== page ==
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Re: [BKARTS] Methods of improving recycled card



Carol Pratt wrote:
I am thinking these are probably RC prints, which are the most common to be found anywhere, quick and easy. In the States it is becoming very difficult to get fiber-based prints made, and they are considerably more expensive than 10¢ each. Resin-coated prints are not considered archival. The processing is/was developed a long time ago, as a very rapid (and originally temporary) method of producing photos. I am sure it has been "improved", but it's still problematic.

Since the photos are almost certainly not archival or permanent in themselves, I guess I wouldn't get my undies in a bunch worrying overmuch about the paper they were mounted on. Old-fashioned black photo album stock is usually considered pretty awful, but it has not really been the kiss of death to the snapshots mounted on it that you'd expect. Glue, however, has often done more damage than the black paper. I suggest using the recycled content stock that you have, although as Peter suggested, it might relieve your mind somewhat to do a pH test on it. The relative acidity of the stock is only a piece of the preservation puzzle for photographs, however.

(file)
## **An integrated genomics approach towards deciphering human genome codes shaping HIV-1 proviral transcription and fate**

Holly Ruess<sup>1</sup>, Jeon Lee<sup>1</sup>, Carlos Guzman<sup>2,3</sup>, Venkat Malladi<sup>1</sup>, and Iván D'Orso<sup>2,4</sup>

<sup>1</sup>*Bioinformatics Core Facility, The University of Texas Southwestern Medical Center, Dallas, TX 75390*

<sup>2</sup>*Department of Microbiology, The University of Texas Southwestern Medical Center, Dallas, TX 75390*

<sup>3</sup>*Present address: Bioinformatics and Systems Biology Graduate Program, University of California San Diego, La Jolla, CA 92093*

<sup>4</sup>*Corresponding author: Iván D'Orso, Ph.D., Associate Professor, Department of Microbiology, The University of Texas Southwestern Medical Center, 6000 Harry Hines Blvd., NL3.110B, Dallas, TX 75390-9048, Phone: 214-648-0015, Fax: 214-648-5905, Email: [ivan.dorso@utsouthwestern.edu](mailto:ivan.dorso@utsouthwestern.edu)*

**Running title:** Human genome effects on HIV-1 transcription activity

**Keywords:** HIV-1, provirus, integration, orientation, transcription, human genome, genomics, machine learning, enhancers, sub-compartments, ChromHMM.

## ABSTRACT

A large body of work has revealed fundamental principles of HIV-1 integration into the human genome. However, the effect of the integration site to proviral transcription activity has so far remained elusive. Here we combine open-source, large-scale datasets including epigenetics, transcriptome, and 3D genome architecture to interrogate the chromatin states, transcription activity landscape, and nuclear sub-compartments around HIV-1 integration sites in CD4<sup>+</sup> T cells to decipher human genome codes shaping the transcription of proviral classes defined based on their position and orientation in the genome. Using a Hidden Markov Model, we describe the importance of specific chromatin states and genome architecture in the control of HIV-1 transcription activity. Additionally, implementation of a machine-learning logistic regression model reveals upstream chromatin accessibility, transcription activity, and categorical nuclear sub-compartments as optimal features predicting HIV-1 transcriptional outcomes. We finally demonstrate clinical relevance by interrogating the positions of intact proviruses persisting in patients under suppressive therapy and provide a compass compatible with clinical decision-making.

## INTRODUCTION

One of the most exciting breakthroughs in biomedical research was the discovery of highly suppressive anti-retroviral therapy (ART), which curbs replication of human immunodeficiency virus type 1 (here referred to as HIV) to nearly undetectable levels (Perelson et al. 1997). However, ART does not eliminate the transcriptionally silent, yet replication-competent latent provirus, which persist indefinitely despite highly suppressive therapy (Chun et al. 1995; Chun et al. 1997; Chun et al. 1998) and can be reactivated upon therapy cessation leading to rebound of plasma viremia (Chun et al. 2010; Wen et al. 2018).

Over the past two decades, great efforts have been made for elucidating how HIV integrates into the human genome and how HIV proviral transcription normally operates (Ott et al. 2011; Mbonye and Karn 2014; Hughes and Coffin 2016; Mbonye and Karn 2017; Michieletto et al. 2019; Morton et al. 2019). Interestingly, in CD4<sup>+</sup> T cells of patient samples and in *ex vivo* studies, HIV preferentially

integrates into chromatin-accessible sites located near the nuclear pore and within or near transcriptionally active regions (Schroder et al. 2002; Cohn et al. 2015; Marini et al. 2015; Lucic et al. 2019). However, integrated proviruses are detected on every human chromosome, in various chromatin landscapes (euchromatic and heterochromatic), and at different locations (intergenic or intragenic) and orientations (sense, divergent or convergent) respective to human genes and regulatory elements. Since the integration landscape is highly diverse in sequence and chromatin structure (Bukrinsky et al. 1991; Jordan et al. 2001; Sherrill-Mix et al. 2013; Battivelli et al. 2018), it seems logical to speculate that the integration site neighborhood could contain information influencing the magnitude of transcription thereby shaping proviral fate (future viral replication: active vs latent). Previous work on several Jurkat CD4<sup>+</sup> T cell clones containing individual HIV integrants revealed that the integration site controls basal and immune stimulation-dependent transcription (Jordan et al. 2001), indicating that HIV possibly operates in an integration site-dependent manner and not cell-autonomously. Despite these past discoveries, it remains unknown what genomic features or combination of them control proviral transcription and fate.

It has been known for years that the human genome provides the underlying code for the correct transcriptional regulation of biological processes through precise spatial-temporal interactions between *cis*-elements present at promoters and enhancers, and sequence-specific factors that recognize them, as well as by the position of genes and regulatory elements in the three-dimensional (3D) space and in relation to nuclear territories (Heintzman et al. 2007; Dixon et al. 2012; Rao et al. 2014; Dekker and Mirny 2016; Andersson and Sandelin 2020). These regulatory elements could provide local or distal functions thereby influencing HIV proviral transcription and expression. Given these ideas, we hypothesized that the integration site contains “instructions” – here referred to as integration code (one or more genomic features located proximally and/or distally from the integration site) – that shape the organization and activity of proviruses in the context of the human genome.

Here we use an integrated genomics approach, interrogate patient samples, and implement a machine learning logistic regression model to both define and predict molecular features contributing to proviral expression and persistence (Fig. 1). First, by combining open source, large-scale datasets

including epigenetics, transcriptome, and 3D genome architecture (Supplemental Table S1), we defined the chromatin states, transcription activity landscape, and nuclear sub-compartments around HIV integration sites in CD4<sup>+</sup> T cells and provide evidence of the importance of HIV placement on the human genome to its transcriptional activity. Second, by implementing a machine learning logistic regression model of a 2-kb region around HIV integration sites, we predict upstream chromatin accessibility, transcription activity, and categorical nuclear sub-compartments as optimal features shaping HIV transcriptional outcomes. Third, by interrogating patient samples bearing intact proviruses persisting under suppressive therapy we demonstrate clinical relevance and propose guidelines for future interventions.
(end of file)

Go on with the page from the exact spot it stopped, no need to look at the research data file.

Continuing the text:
If you were mounting paper-based archival photos, then more care and caution would certainly be a concern. Do you think these albums need to last a hundred years or more? If so, then an archival copy would be advised for your own files, not using the cheaper form of print, which nearly all of us buy nowadays. Such an archive would be costly, of course.

Carol
Eugene, OR


Yes, it depends greatly on the type of paper the prints are on. If you trust these folk, there's an article discussing the 'permenance ratings' of various papers and printers (both inkjet and silver halide) when kept under glass. It's worth a read, actually, since there's some pretty surprising results in there (well, they surprised me, at least!)

http://www.wilhelm-research.com/ist/WIR_IST_2006_09_HW.pdf

My local store produces prints on Fuji Crystal Archive paper, which has a permenance rating of 50 years.

Cheers,

Scott.

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